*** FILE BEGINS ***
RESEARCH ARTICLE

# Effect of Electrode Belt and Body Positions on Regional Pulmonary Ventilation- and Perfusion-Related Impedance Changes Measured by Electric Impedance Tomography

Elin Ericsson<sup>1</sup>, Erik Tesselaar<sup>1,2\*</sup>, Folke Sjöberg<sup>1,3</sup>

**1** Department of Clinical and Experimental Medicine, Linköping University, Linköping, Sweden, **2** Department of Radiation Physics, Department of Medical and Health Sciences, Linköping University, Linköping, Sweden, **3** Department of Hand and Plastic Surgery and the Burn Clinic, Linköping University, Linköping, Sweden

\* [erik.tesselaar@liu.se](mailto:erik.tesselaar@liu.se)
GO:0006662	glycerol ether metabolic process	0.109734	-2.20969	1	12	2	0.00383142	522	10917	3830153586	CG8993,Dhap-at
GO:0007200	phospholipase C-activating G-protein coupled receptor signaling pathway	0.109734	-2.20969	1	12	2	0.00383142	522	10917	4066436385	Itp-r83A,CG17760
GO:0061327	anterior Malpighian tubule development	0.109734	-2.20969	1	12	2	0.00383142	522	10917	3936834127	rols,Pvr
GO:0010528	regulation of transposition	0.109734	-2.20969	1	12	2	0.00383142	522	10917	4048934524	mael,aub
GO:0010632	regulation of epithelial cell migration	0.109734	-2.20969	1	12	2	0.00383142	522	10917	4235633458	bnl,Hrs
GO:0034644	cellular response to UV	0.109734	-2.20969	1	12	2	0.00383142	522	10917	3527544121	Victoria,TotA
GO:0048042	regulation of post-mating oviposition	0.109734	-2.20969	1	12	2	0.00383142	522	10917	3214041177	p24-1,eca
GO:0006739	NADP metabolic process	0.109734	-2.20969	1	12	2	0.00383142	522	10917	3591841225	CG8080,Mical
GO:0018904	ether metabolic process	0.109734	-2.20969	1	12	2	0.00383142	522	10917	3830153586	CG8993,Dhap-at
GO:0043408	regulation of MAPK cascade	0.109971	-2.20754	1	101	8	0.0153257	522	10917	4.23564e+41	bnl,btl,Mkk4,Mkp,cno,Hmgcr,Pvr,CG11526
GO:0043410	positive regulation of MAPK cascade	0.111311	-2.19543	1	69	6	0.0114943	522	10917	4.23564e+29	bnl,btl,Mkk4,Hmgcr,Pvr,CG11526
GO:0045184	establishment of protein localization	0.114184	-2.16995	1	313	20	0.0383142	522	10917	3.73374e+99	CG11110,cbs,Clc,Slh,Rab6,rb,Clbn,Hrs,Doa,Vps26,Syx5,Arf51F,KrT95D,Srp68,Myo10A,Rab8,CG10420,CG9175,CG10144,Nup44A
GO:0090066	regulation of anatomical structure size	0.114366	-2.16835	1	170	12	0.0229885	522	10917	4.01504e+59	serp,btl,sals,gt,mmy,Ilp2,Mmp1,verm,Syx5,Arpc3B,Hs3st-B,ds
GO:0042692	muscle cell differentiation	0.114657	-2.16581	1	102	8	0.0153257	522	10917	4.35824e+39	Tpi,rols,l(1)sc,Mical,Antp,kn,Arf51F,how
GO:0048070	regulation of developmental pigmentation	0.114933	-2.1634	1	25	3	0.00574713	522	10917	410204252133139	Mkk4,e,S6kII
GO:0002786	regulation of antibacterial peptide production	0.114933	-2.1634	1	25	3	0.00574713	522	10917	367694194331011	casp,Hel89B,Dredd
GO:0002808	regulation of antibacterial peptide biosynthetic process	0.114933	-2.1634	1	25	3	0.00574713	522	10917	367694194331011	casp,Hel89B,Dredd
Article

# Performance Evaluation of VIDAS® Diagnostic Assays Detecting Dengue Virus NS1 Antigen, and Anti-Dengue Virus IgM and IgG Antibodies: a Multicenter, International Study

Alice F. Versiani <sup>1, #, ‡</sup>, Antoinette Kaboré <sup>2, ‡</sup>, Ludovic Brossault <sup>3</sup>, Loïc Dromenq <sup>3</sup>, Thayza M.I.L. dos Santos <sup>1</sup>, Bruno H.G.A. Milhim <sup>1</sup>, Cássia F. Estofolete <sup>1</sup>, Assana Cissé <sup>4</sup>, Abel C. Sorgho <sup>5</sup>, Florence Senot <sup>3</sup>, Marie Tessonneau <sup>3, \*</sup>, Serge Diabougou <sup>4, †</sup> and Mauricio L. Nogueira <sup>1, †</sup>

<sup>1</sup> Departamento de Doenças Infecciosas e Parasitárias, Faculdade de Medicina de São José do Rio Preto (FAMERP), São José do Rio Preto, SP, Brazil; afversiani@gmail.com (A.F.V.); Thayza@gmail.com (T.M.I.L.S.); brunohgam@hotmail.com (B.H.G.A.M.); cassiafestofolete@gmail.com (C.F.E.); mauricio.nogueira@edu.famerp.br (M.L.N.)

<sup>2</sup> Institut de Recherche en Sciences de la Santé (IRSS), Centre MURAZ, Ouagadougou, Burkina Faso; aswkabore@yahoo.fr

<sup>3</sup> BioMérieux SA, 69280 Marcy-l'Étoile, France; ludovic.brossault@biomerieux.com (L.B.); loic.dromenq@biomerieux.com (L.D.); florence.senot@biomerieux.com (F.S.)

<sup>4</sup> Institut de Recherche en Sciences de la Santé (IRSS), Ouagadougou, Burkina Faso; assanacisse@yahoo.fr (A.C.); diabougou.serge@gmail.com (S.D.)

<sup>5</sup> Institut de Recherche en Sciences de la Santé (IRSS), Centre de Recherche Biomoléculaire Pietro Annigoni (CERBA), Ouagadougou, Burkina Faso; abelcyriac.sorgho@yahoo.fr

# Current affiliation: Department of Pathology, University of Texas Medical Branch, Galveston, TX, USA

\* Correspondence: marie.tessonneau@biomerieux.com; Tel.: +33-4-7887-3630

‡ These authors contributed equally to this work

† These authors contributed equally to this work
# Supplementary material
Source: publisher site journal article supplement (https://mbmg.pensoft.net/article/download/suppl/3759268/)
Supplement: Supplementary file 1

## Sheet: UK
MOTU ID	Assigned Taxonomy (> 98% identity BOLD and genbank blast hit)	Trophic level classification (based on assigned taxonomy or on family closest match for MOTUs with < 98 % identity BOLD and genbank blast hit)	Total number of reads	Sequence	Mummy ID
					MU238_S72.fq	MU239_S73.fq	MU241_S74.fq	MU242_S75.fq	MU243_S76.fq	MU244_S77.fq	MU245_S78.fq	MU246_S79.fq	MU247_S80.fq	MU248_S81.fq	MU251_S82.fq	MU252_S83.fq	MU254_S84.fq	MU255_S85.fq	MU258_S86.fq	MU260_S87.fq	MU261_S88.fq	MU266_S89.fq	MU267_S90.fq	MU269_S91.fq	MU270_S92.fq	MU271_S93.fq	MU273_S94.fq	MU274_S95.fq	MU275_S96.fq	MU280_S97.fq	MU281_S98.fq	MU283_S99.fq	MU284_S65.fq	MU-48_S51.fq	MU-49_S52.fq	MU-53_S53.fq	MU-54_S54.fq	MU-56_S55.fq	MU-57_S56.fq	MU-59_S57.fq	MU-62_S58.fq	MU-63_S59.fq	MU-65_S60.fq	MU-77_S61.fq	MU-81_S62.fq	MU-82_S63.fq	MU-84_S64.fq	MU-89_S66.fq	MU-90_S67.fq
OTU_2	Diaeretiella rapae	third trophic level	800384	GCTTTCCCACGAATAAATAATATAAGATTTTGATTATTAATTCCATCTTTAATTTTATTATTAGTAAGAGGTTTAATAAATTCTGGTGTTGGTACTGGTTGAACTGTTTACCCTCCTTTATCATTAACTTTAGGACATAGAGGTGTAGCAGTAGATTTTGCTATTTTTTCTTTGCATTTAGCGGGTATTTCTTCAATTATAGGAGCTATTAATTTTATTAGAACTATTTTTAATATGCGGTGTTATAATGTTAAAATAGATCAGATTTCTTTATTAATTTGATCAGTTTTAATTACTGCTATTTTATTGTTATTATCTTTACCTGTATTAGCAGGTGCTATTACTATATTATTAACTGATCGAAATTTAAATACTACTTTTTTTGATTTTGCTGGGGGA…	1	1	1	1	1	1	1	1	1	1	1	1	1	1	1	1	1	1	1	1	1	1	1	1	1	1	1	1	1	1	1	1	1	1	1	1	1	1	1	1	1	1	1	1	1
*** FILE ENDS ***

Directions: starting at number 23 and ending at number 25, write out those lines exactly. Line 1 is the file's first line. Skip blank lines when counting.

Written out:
Article

# Performance Evaluation of VIDAS® Diagnostic Assays Detecting Dengue Virus NS1 Antigen, and Anti-Dengue Virus IgM and IgG Antibodies: a Multicenter, International Study

Alice F. Versiani <sup>1, #, ‡</sup>, Antoinette Kaboré <sup>2, ‡</sup>, Ludovic Brossault <sup>3</sup>, Loïc Dromenq <sup>3</sup>, Thayza M.I.L. dos Santos <sup>1</sup>, Bruno H.G.A. Milhim <sup>1</sup>, Cássia F. Estofolete <sup>1</sup>, Assana Cissé <sup>4</sup>, Abel C. Sorgho <sup>5</sup>, Florence Senot <sup>3</sup>, Marie Tessonneau <sup>3, \*</sup>, Serge Diabougou <sup>4, †</sup> and Mauricio L. Nogueira <sup>1, †</sup>